Regarding true colour, sprites and alpha blending, wouldn't the "Amiga way (tm)" have been to do this using new features of the display hardware? I was using Warp3D as a pure 2D renderer for this sort of thing way back. For example, simple screen-space textured quads rendered as indexed lists for sprites, shaded untextured triangle strips for copper style gradients and such.

AMMX sounds great as an extension for lots of otherwise laborious data transformation but if you're using it to draw on screen isn't that something of a retrograde step for the system?

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bhabbott 
Re: Packed Versus Planar: FIGHT
Posted on 30-Sep-2022 5:39:32
#352 ]
Regular Member
Joined: 6-Jun-2018
Posts: 229
From: Aotearoa

@FairBoy

Quote:

FairBoy wrote:
@Gunnar
This doesn't make much sense because the only "unelegant" thing by your definition here is the host system.
The programs running inside the emulator are just as "elegantly" coded and use the Amiga system in just the same "elegant" way as on a more real thing.

Emulator's have their place, but elegant they are not.

Quote:
So far the Apollo games list consists out of straight open-source PC ports (recompiles with little adjustments), some ultra-simple games which look as if they came directly from some JS tutorial webpage, and some upcoming classic shmups which still have to prove if they provide more than just some more colors and moving-objects than you'd expect on a real Amiga.

A similar criticism could be made about the Amiga as a whole today. Creating a good game from scratch takes a lot of time and effort, for very little reward. Insisting that the Vampire is not a valid target doesn't help. First they tell us not to develop for the Vampire because it isn't a 'real' Amiga and/or few people have one, then they accuse it of having no games!

But why should it matter? It's not like anybody is going to get rich by producing Amiga games that sell by the million. We didn't get a Vampire just to play games. Some of us enjoy working in 68k assembly language and like to explore the possibilities of a faster system with new capabilities, just like we did when we first got our Amigas. That is Gunnar's vision, to continue in that tradition.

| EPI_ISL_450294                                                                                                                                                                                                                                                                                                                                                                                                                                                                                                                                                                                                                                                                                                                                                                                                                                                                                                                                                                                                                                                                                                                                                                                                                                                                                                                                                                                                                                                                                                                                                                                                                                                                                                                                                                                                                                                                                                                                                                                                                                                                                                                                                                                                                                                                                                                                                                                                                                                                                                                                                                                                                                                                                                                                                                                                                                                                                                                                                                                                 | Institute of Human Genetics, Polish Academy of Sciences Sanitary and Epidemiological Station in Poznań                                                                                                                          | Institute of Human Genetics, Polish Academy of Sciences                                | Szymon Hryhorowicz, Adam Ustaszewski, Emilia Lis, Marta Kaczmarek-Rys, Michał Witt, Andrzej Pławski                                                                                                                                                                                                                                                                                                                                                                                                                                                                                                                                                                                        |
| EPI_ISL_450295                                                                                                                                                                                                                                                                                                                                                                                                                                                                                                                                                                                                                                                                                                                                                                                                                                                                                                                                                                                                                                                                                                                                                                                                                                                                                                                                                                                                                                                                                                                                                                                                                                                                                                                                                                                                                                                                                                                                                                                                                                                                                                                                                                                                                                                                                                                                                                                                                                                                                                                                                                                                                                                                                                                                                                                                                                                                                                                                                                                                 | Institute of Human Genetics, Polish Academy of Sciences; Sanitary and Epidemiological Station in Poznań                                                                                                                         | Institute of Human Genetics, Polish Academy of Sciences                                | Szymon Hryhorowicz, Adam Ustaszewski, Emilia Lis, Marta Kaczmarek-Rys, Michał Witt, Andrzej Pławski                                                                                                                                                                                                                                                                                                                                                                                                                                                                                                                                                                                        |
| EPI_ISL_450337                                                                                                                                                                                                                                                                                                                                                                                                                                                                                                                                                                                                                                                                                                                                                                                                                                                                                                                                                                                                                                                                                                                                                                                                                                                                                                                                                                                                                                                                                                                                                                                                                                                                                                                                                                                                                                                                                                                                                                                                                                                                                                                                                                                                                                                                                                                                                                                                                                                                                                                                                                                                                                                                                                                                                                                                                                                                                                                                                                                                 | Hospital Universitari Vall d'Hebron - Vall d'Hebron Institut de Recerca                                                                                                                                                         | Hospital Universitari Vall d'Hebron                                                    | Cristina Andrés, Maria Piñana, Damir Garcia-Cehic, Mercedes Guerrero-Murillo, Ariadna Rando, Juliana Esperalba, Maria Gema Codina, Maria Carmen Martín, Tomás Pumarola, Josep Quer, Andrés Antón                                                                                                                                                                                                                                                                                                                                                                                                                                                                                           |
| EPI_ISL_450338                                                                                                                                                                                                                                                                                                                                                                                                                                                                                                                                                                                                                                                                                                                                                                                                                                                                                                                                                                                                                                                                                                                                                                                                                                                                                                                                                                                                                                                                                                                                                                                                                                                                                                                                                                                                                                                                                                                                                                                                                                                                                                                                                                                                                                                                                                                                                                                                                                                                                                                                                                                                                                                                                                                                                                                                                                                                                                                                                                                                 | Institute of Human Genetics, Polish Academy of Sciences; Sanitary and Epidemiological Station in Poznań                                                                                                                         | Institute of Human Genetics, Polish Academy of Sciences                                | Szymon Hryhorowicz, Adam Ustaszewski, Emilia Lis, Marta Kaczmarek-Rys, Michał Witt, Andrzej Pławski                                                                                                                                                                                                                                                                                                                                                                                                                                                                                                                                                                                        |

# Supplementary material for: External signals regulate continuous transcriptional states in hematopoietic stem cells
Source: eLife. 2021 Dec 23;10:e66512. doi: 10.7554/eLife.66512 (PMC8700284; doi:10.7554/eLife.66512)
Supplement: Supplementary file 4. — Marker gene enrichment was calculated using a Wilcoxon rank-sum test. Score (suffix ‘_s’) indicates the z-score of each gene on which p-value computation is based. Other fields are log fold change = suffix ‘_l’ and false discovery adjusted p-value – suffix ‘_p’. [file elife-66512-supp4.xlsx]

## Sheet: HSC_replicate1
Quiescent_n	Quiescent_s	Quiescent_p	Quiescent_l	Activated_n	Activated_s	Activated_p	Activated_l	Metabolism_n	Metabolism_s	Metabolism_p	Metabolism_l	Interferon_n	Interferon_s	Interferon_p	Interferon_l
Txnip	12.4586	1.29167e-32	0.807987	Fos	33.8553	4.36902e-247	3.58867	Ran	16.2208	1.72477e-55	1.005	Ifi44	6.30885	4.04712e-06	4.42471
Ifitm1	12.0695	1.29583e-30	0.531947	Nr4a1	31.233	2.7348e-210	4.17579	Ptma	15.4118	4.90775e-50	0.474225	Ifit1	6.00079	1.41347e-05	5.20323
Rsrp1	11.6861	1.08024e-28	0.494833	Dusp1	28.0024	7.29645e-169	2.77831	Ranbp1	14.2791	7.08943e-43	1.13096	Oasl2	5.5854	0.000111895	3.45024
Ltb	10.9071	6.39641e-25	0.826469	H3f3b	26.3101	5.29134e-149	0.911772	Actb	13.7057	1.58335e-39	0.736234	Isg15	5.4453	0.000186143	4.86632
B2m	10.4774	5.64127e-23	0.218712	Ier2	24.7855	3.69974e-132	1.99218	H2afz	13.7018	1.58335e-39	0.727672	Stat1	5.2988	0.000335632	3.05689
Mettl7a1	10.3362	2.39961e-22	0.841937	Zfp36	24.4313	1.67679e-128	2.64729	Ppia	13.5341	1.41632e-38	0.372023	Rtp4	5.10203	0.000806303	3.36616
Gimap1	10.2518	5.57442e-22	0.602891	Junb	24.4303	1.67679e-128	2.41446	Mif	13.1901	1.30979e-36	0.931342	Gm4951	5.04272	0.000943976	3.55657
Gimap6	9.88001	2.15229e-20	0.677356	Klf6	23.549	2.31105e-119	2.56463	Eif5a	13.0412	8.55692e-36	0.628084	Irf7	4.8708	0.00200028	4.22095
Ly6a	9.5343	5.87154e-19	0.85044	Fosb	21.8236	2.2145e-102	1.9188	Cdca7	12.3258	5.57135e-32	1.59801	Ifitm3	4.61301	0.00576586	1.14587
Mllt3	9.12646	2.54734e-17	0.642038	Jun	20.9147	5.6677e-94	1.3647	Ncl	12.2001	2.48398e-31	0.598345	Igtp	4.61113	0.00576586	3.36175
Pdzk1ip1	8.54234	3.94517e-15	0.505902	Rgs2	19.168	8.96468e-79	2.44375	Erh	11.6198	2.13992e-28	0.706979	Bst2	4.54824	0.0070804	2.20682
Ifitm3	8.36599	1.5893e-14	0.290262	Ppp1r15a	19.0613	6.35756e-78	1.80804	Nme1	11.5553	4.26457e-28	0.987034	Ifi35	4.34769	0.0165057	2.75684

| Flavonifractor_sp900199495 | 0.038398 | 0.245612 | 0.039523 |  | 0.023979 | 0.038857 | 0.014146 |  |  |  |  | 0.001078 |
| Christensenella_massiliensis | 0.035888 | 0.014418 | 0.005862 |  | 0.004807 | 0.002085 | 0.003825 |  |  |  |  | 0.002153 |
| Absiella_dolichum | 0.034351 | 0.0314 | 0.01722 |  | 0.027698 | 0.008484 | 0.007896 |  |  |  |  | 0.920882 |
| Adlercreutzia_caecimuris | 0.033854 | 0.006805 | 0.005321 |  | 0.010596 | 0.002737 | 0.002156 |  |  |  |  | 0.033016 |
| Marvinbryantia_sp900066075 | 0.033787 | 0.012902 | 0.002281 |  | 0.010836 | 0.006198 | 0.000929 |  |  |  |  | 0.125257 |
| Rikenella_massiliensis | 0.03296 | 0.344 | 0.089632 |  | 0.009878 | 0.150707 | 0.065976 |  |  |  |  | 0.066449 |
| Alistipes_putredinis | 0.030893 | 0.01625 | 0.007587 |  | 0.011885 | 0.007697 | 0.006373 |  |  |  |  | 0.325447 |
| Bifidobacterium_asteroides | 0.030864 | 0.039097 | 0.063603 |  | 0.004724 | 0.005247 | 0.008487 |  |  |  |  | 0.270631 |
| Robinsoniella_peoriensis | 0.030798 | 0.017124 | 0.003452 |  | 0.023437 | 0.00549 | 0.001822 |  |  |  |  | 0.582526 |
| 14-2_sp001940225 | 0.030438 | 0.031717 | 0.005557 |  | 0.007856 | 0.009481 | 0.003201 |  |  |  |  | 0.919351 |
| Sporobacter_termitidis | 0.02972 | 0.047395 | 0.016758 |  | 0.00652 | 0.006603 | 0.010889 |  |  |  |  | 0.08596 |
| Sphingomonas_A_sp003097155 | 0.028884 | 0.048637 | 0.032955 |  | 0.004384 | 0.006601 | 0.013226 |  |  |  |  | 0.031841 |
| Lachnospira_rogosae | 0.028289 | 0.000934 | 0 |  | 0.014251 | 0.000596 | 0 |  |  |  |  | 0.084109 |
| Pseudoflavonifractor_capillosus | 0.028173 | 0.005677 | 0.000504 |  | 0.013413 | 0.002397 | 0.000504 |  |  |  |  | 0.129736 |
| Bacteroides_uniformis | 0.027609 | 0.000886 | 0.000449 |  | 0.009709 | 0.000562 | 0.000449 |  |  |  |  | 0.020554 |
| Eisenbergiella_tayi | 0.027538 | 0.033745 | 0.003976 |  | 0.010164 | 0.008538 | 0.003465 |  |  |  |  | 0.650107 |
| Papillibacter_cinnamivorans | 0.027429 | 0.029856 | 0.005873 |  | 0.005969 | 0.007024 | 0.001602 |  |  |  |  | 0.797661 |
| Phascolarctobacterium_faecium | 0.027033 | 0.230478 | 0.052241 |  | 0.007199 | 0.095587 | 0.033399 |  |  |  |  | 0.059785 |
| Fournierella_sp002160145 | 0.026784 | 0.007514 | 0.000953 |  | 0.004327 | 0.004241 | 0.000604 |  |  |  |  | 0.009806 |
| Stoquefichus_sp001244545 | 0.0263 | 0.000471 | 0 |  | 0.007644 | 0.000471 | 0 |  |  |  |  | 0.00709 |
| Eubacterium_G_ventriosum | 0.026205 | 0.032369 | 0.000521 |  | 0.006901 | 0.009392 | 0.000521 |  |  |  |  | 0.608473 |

'Back in the day' porting open-source programs and creating ultra-simple games for personal use was a popular pastime. Just doing it was usually reward enough - and (as those of us who went further found out) often more rewarding than the grind of producing a commercial game. You can call it getting into the retro spirit or simply continuing to do what we always did, but so long as we are having fun what is there to criticize?

Quote:
You could as well say "take a look at *insert name of your favorite eye-candy PC-game on Steam here*, it's totally above anything ever seen on AMIGA".
Congrats, but pointless. So your 2020s computer product allows you to graphically outperform thirty years old hardware.

Life is pointless. Others have already done what you are doing better, so why bother?

In the 90's a significant number of Amiga users had 060 accelerators and RTG cards, but very few games were released for this hardware configuration. So were the manufacturers of that hardware derided for producing 'pointless' products? Of course not. We all accepted the reality of the situation, but some of us dreamed of new games being developed for 'high-end' Amigas. If someone wants to realize that dream today, why not?

Quote:
Quote:
With only 7MHz it could do stuff which 50MHz PCs failed to do at the time.

We all agree that the real classic Amiga was great. But what's your point in? A Vampire with AMMX is not such an Amiga. And in contrast to the real Amiga back then it cannot compete with todays PCs.

An 020 with AGA was not such an Amiga, and it could not compete with Pentium PCs. So what was the point? And yet some of us still enjoy using those Amigas to this day, even though though they cannot 'compete' with modern PCs. A Vampire-equipped Amiga is simply a faster Amiga, just like an Amiga with 060 and RTG is a faster Amiga. That is all that matters. Comparisons to modern PCs are irrelevant.

I have a bicycle that I enjoy riding. I used to have a 3 speed bike with 20" wheels, but I wanted better performance so I bought a 15 speed mountain bike. By your logic this was pointless because it cannot compete with modern cars. My A1200 cannot compete with modern PC's, but that doesn't mean it's pointless - because I still enjoy using it. I also enjoy using my A600 with V2 Vampire for times when I need the extra power. I never got into PC games 'back in the day', so 'straight' PC ports are new to me. The Vampire gives me the ability to play those games on my Amiga (which we could only dream of doing 'back in the day').


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Karlos 
Re: Packed Versus Planar: FIGHT
Posted on 30-Sep-2022 9:39:35
#353 ]
Elite Member
Joined: 24-Aug-2003
Posts: 3144
From: As-sassin-aaate! As-sassin-aaate! Ooh! We forgot the ammunition!

@bhabbott

Quote:
Emulators have their place, but elegant they are not.